Furthermore, the film enthusiastically embraces all of the seasoned tropes of its adopted genre, showcasing a tense plot filled with military defectors, double-crosses and impossible odds, affording the filmmakers the chance to blend the classic aesthetics of Star Wars with more serious thematic fare, to wonderful effect. This film certainly has more to say than any previous Star Wars film, but its efficiency of story telling allows for everything to move at a brisk and satisfying pace that never feels at odds with its core messages.
Whereas Episode VII solicited groans with its relentless callbacks to previous chapters, Rogue One proves that if you craft a compelling story with engaging, dimensional, motivated characters, your audience will follow you anywhere. This film is genuinely littered with nods and references to the entire Star Wars universe, but rather than come across as hokey or forced, Rogue’s design and execution feels like a sincere attempt to expand and broaden the dimensions of the world(s) it depicts. As a result, Rogue One actually succeeds in enhancing one’s enjoyment of the accompanying films, by allowing a deftly crafted story to provide further context, stakes and meaning to the broader galactic power-play.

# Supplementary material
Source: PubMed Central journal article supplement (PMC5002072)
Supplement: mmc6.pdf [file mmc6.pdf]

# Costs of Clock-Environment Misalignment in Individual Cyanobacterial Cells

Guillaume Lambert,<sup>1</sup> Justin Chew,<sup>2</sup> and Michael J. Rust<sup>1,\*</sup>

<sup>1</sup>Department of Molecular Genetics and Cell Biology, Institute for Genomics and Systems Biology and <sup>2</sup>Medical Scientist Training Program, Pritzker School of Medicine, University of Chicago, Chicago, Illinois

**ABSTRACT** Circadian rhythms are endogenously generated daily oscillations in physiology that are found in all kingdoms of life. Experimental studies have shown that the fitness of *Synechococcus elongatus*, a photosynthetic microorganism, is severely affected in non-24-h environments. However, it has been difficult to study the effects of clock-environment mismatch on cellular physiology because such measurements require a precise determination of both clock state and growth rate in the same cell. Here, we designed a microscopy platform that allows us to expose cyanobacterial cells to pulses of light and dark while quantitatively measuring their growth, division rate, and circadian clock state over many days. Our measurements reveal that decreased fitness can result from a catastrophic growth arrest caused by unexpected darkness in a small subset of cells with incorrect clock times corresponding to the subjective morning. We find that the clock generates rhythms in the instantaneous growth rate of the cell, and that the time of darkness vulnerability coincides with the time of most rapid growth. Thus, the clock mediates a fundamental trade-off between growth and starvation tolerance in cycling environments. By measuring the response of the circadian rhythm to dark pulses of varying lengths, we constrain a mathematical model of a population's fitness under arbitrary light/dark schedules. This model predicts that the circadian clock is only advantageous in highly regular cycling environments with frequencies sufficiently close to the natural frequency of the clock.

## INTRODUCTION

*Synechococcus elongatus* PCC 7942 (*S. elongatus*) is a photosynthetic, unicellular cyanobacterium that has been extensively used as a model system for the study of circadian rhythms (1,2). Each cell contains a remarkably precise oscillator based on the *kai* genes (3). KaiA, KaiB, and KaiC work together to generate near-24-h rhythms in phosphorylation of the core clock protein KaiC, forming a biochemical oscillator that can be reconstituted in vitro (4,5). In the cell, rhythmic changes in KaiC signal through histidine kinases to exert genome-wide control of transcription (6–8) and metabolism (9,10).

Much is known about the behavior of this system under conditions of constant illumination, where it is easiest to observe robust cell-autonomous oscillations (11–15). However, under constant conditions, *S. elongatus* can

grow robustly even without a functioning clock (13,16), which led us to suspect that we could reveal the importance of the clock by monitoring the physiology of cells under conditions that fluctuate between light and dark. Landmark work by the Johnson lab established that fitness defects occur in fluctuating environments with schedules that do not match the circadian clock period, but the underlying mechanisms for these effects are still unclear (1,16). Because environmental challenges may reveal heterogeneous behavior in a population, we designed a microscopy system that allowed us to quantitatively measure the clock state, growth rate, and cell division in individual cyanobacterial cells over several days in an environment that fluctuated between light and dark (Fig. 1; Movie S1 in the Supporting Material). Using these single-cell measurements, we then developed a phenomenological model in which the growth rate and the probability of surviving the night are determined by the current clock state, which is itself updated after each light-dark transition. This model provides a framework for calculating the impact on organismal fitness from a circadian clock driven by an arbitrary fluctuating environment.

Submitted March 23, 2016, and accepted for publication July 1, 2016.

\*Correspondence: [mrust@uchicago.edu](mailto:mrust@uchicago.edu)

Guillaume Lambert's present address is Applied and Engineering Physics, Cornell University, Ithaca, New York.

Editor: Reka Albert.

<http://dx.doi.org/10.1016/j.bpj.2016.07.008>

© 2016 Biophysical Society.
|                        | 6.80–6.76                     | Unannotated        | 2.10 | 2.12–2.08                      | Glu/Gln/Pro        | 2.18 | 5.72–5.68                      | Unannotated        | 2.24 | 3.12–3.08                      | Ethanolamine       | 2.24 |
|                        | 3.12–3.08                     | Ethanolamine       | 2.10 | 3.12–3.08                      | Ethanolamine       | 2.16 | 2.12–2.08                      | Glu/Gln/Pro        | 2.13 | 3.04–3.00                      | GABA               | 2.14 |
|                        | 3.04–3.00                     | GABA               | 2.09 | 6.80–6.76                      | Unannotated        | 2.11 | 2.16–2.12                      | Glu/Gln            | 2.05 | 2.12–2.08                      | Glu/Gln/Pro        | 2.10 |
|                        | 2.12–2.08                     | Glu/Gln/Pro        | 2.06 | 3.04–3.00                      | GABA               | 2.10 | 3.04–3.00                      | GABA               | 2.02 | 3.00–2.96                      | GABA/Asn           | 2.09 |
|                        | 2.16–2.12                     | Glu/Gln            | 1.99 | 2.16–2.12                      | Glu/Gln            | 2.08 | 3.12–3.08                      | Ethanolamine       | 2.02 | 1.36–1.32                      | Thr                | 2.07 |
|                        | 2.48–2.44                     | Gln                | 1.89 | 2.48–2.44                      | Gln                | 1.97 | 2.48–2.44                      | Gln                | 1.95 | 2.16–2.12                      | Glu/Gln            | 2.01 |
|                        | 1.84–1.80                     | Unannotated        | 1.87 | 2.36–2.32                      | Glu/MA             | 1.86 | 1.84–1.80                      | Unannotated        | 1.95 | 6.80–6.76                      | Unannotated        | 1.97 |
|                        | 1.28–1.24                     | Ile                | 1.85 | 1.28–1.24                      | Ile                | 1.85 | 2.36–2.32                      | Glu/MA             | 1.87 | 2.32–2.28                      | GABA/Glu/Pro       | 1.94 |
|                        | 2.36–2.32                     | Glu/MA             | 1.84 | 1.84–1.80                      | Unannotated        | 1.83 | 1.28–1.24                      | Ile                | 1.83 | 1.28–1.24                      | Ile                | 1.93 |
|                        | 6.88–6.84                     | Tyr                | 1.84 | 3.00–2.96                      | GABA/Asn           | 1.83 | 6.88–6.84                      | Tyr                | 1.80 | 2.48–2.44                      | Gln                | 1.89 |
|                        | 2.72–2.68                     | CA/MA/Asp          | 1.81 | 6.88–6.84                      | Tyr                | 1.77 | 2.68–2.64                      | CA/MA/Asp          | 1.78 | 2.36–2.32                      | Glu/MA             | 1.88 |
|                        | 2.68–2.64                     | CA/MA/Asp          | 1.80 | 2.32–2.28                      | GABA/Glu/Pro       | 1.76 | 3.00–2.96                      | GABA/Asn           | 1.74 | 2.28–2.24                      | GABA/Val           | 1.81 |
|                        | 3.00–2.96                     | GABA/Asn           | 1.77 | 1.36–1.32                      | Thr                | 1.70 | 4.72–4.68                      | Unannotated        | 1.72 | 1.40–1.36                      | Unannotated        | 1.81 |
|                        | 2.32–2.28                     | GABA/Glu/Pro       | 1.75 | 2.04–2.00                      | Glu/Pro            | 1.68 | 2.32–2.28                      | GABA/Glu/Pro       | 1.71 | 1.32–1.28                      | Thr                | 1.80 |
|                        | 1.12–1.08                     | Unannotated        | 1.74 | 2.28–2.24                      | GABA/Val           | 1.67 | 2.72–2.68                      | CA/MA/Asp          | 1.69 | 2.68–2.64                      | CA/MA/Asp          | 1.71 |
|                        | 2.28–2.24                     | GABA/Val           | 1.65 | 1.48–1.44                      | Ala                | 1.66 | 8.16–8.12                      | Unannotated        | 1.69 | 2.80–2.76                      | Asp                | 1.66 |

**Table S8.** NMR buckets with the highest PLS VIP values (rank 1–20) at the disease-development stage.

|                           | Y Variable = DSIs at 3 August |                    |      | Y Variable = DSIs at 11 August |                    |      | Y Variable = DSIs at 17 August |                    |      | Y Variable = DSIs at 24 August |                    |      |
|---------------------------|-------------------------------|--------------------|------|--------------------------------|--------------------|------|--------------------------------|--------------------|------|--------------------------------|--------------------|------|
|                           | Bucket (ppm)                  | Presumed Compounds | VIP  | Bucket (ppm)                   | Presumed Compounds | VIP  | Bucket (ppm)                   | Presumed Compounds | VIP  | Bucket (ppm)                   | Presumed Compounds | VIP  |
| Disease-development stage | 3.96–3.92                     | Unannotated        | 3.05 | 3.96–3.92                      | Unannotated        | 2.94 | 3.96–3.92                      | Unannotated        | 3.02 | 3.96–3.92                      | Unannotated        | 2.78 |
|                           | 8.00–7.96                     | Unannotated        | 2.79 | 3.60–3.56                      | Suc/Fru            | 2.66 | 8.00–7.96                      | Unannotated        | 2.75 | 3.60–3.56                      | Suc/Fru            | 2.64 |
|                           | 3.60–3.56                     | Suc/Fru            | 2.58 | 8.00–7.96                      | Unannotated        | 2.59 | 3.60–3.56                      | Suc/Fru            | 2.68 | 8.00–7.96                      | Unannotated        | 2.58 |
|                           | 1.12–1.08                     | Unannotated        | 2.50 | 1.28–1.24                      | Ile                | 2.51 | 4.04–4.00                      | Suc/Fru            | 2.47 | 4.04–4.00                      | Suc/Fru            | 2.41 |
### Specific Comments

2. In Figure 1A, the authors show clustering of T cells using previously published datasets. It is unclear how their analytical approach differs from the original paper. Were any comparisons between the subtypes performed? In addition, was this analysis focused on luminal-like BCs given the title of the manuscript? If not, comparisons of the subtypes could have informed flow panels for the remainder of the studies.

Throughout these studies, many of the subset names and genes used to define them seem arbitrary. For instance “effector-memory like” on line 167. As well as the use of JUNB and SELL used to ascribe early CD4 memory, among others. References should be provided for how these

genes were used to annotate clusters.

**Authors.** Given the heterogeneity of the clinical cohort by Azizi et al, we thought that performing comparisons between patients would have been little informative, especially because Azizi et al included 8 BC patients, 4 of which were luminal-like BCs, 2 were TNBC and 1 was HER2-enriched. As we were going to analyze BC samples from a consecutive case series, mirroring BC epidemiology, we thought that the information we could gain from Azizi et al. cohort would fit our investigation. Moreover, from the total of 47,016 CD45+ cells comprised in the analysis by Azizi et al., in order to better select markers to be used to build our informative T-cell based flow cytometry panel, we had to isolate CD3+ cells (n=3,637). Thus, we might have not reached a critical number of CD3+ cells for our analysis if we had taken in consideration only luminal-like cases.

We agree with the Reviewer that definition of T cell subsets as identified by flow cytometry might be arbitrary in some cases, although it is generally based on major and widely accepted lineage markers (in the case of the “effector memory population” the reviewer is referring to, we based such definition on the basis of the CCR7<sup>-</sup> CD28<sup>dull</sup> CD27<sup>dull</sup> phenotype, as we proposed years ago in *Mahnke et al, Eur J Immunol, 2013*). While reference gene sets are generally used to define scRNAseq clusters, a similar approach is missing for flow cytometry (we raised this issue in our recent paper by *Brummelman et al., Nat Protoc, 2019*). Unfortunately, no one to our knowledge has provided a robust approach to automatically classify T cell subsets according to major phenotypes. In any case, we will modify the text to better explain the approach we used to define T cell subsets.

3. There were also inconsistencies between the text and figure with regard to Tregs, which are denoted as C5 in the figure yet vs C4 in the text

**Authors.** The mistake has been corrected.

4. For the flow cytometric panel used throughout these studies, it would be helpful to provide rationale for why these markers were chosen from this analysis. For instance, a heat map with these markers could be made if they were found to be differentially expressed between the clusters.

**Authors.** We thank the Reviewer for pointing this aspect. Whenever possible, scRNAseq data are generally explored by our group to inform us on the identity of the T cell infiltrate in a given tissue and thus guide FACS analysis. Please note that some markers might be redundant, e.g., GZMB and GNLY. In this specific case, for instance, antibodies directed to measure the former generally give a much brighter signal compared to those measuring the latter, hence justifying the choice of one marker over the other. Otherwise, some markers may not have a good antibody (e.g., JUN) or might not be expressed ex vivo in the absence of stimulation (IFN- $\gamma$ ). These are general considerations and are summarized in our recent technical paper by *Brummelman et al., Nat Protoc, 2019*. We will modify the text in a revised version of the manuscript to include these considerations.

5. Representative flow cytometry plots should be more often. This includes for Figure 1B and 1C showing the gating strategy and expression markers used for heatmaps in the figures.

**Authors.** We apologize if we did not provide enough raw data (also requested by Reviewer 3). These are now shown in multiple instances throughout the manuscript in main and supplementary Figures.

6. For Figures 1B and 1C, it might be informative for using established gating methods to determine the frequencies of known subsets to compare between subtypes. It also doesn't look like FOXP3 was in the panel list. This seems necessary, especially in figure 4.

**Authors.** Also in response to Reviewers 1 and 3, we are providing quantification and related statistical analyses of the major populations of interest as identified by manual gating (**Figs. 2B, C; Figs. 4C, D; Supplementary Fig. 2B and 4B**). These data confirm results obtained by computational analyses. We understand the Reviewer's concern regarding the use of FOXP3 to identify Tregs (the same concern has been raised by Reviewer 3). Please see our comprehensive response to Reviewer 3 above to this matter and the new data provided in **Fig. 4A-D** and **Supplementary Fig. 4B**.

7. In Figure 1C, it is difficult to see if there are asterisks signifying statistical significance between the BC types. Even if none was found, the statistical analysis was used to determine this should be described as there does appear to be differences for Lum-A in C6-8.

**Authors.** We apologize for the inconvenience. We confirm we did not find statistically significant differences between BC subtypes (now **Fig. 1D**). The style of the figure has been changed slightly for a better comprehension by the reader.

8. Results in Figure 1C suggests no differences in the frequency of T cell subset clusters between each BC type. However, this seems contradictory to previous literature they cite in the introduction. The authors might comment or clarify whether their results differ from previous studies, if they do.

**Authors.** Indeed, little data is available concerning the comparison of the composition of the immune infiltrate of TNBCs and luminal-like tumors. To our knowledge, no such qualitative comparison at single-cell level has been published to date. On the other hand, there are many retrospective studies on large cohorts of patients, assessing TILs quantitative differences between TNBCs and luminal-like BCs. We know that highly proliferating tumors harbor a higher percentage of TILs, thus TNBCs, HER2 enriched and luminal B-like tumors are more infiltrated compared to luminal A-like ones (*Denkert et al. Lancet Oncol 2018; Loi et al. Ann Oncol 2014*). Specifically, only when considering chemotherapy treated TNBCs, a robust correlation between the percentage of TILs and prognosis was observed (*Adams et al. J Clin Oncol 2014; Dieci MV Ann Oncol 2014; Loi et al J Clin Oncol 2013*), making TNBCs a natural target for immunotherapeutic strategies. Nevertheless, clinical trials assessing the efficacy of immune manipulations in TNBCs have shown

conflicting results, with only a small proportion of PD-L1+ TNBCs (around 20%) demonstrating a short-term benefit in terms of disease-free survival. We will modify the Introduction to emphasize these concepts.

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If there are any major downsides to the film, the most popular complaint voiced by general audiences appears to be the film’s reliance on CG-assisted resurrections of beloved characters from the franchise’s past, and there’s some truth to these claims. Likewise, some of the occasional humor beats don’t quite connect, but Alan Tudyk’s hilarious K-2SO is an essential and welcome part of the team.
I could never have predicted that instead of crushing the memory of the Expanded Universe, Rogue One: A Star Wars Story actually does it the highest of honours. This is a movie that dares to do new things with Star Wars. It is utterly devoted to preserving the internal and dramatic consistency of its siblings, whilst being totally unafraid to present us with a story that feels fresh, inventive and invigorating. That’s what the Expanded Universe has always been about: exploring outside the box, whilst playing by the rules. I don’t need Kyle Katarn anymore. This is better.
Turns out, there might be a new hope after all.